Probably the foremost children’s book author of the 20th century died on September 24, 1991, at the age of 87. Dr. Seuss, Theodor Geisel, published 46 books for children including a new kind of first reader that sent Dick and Jane into well-deserved retirement.
Dr. Seuss was born in the early 1920s, when Geisel (born in 1904) was attending Dartmouth College. Among his pursuits there was work on the humor magazine Dartmouth Jack-O-Lantern, for which he rose to the rank of editor-in-chief. However, one dark day at Dartmouth, Geisel was caught drinking gin at a party in his room. This was frowned upon by the Dean, who insisted that he resign from all extracurricular activities, including the college humor magazine. To continue work on the Jack-O-Lantern surreptitiously, Geisel began signing his work with the pen name Dr. Theophrastus Seuss. (Other pseudonyms included Theo LeSieg and Rosetta Stone.
Geisel had a successful career in advertising (Flit, Standard Oil, U.S. Army) and as an editorial cartoonist denouncing fascists, racists, isolationists and Republicans. But it was his children’s books that gave him lasting recognition. His first, published in 1937, was And to Think I Saw It on Mulberry Street. He followed with such celebrated books as The 500 Hats of Bartholomew Cubbins, Horton Hatches the Egg, Horton Hears a Who!, and How the Grinch Stole Christmas!. In 1954, Geisel was challenged to write a book using only 250 words appropriate to beginning readers, “a book children can’t put down.” Nine months later, using 236 of the words given to him, Geisel completed The Cat in the Hat.
Geisel made a point of not beginning the writing of his stories with a moral in mind. “Kids can see a moral coming a mile off,” he said.
Numerous adaptations of his work have been created, including 11 television specials, four feature films, a Broadway musical and four television series.
“Today you are You, that is truer than true. There is no one alive who is Youer than You.”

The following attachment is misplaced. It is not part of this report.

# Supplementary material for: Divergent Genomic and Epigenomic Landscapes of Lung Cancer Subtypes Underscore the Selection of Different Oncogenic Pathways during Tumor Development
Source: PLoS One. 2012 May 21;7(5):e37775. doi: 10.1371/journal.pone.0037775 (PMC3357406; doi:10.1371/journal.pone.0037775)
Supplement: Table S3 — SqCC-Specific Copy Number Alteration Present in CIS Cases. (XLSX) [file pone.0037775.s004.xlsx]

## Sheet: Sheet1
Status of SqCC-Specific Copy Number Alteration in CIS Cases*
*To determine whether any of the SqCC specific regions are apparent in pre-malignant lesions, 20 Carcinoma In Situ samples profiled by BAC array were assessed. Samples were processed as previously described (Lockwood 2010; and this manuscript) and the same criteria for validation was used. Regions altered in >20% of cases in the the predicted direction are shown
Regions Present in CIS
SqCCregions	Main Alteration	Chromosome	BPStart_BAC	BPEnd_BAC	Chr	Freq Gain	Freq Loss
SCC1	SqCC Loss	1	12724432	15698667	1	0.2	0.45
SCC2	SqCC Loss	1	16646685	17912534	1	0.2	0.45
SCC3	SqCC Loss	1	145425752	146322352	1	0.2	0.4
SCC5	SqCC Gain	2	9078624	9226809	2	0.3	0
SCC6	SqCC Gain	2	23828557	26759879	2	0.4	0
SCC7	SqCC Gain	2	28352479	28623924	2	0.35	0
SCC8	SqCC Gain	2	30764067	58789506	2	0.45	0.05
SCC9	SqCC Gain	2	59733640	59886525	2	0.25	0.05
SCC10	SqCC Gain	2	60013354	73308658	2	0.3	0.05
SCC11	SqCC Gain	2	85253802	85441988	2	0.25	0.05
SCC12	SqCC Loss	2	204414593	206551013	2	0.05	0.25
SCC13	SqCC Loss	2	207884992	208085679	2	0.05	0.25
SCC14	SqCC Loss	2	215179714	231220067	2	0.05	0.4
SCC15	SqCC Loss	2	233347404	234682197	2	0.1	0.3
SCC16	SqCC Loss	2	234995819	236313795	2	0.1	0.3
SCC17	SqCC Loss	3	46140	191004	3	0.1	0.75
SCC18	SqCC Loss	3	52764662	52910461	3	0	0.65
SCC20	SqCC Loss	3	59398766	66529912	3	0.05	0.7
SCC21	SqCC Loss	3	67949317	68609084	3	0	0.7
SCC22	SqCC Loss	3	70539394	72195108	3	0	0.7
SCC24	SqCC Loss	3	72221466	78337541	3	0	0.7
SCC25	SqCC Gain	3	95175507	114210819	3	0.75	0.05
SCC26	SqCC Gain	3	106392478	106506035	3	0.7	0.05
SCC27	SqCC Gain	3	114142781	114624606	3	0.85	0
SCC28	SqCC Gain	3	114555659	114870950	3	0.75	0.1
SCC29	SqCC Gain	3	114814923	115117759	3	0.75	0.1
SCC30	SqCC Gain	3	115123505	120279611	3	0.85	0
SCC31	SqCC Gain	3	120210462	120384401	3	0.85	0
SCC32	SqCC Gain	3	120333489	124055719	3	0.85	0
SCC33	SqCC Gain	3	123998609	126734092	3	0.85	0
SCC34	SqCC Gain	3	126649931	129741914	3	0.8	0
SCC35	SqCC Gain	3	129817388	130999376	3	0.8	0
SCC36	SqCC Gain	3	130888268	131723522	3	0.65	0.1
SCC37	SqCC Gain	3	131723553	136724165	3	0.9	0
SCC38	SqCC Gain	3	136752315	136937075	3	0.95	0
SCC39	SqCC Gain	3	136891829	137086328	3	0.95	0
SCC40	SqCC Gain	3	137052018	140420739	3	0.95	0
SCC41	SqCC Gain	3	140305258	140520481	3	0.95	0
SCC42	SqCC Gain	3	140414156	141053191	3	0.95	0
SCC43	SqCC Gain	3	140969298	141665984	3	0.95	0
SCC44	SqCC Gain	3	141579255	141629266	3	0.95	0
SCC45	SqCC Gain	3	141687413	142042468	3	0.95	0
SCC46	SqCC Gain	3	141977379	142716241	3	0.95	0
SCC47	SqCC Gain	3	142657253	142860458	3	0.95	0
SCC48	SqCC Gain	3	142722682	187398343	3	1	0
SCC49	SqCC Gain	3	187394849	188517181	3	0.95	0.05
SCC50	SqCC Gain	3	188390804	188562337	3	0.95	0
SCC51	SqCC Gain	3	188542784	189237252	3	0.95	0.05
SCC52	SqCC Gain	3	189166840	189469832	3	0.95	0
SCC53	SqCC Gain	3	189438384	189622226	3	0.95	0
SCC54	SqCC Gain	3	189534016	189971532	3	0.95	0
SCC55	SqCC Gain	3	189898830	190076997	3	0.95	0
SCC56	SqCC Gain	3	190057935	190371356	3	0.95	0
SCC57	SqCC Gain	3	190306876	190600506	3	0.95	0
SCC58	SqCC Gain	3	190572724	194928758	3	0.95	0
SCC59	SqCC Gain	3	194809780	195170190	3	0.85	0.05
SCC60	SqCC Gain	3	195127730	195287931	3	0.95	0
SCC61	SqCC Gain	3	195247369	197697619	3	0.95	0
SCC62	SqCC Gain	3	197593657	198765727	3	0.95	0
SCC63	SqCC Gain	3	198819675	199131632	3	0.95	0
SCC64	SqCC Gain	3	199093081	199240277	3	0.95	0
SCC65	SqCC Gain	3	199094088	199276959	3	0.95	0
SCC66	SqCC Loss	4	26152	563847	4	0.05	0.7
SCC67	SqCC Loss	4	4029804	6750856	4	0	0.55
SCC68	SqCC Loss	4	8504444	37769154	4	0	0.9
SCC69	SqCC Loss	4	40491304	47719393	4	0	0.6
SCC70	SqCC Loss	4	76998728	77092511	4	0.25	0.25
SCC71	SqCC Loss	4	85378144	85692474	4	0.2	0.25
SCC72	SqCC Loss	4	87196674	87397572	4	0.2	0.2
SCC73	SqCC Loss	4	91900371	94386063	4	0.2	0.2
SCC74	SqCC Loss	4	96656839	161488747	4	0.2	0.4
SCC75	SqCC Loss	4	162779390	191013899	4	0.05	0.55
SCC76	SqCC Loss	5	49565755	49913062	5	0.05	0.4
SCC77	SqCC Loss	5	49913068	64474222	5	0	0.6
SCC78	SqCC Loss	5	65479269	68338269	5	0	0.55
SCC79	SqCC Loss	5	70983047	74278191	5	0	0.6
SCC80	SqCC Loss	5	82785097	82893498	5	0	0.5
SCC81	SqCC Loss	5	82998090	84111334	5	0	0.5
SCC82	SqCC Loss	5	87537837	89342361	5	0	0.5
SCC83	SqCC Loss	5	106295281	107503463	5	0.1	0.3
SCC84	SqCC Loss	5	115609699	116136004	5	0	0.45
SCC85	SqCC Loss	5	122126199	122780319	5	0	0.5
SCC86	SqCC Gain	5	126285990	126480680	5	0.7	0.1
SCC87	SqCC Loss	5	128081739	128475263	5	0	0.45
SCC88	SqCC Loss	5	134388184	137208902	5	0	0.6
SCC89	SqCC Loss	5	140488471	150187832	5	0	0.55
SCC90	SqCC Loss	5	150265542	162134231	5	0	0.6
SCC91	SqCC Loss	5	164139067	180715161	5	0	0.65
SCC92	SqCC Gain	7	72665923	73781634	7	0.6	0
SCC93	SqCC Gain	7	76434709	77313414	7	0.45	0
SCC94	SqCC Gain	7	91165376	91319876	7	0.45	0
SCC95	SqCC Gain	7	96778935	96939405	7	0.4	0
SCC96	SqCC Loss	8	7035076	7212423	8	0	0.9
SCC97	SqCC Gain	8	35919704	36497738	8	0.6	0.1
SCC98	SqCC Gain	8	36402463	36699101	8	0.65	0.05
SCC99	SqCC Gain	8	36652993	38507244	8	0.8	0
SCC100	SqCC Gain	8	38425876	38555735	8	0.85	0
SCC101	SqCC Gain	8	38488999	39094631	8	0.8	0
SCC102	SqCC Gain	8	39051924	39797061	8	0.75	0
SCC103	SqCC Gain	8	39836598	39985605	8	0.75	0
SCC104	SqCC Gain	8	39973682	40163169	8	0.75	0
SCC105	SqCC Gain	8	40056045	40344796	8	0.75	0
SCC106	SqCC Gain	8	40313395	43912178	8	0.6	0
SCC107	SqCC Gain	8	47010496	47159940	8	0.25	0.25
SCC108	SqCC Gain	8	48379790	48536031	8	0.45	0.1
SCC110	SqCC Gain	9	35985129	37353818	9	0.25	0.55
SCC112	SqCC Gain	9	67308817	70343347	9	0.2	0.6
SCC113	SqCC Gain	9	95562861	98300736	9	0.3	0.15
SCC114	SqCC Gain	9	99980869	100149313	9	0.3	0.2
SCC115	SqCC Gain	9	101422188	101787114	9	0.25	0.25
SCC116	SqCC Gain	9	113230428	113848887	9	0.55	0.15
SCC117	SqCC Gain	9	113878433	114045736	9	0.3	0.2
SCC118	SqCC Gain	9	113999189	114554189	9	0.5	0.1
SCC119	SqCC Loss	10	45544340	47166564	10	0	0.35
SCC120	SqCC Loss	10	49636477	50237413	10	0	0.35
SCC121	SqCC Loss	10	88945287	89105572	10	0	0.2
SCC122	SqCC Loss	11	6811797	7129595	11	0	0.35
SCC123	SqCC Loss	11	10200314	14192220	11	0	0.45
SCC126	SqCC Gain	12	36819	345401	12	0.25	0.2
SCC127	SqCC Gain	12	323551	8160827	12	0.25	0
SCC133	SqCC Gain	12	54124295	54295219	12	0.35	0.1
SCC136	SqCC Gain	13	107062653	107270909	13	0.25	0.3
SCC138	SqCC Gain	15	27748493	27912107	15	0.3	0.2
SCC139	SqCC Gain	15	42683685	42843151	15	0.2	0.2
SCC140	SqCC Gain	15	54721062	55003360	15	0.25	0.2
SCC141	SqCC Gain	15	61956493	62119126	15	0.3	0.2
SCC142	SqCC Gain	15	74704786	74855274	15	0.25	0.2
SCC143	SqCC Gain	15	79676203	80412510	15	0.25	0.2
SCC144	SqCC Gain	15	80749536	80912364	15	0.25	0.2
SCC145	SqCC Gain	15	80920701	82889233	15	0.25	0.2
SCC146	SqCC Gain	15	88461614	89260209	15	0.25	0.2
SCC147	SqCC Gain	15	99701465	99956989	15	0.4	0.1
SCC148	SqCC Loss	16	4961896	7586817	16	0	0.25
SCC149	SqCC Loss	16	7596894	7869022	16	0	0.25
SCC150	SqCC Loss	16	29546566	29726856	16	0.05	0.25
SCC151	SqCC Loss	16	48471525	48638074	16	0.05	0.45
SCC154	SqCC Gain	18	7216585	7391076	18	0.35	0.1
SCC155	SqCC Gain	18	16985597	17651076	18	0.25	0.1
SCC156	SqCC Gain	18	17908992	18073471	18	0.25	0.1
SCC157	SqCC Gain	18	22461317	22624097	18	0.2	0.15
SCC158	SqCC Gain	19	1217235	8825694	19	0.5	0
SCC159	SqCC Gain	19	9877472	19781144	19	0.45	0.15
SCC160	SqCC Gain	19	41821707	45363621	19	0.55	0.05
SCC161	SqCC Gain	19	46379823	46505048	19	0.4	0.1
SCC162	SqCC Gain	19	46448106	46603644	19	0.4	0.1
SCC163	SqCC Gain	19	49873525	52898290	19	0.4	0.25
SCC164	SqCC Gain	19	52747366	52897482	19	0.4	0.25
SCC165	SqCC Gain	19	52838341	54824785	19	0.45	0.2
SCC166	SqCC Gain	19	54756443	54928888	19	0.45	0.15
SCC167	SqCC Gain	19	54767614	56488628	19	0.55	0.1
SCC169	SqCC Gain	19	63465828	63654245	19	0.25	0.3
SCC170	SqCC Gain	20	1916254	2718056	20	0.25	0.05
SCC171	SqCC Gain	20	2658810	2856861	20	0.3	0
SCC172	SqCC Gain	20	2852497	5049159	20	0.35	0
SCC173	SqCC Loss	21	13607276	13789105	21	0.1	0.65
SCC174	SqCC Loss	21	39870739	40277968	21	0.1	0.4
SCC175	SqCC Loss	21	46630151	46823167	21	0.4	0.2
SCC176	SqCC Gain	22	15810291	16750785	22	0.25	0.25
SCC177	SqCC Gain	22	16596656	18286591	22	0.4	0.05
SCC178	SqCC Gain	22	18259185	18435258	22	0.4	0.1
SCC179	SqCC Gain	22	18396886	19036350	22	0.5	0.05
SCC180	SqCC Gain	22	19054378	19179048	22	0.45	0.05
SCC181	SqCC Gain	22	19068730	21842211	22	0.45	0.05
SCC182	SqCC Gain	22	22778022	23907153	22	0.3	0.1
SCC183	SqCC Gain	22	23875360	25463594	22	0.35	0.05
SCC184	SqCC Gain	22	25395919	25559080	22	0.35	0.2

“I meant what I said and I said what I meant. An elephant’s faithful one-hundred percent!”
“If you never did you should. These things are fun and fun is good.”
“They say I’m old-fashioned, and live in the past, but sometimes I think progress progresses too fast!”
“I do not like green eggs and ham, I do not like them Sam-I-Am.”
“Writing simply means no dependent clauses, no dangling things, no flashbacks, and keeping the subject near the predicate. We throw in as many fresh words we can get away with. Simple, short sentences don’t always work. You have to do tricks with pacing, alternate long sentences with short, to keep it vital and alive…. Virtually every page is a cliffhanger–you’ve got to force them to turn it.”
Froggie went A-forecasting
On September 24, 1788, the Morning Chronicle and London Advertiser described a rather ingenious barometer devised by an unnamed Frenchman. The instructions: Equip a clear glass bottle with earth and water to a depth of about four fingers and a tiny ladder that reaches from the bottom to the lower part of the neck. Find a small green frog and put it in the bottle. Cover the bottle with ap iece of parchment pricked with a pin to admit air. As long as the weather remains fair, the frog will perch at the top of the ladder, but if rain approaches the frog will go down into the water.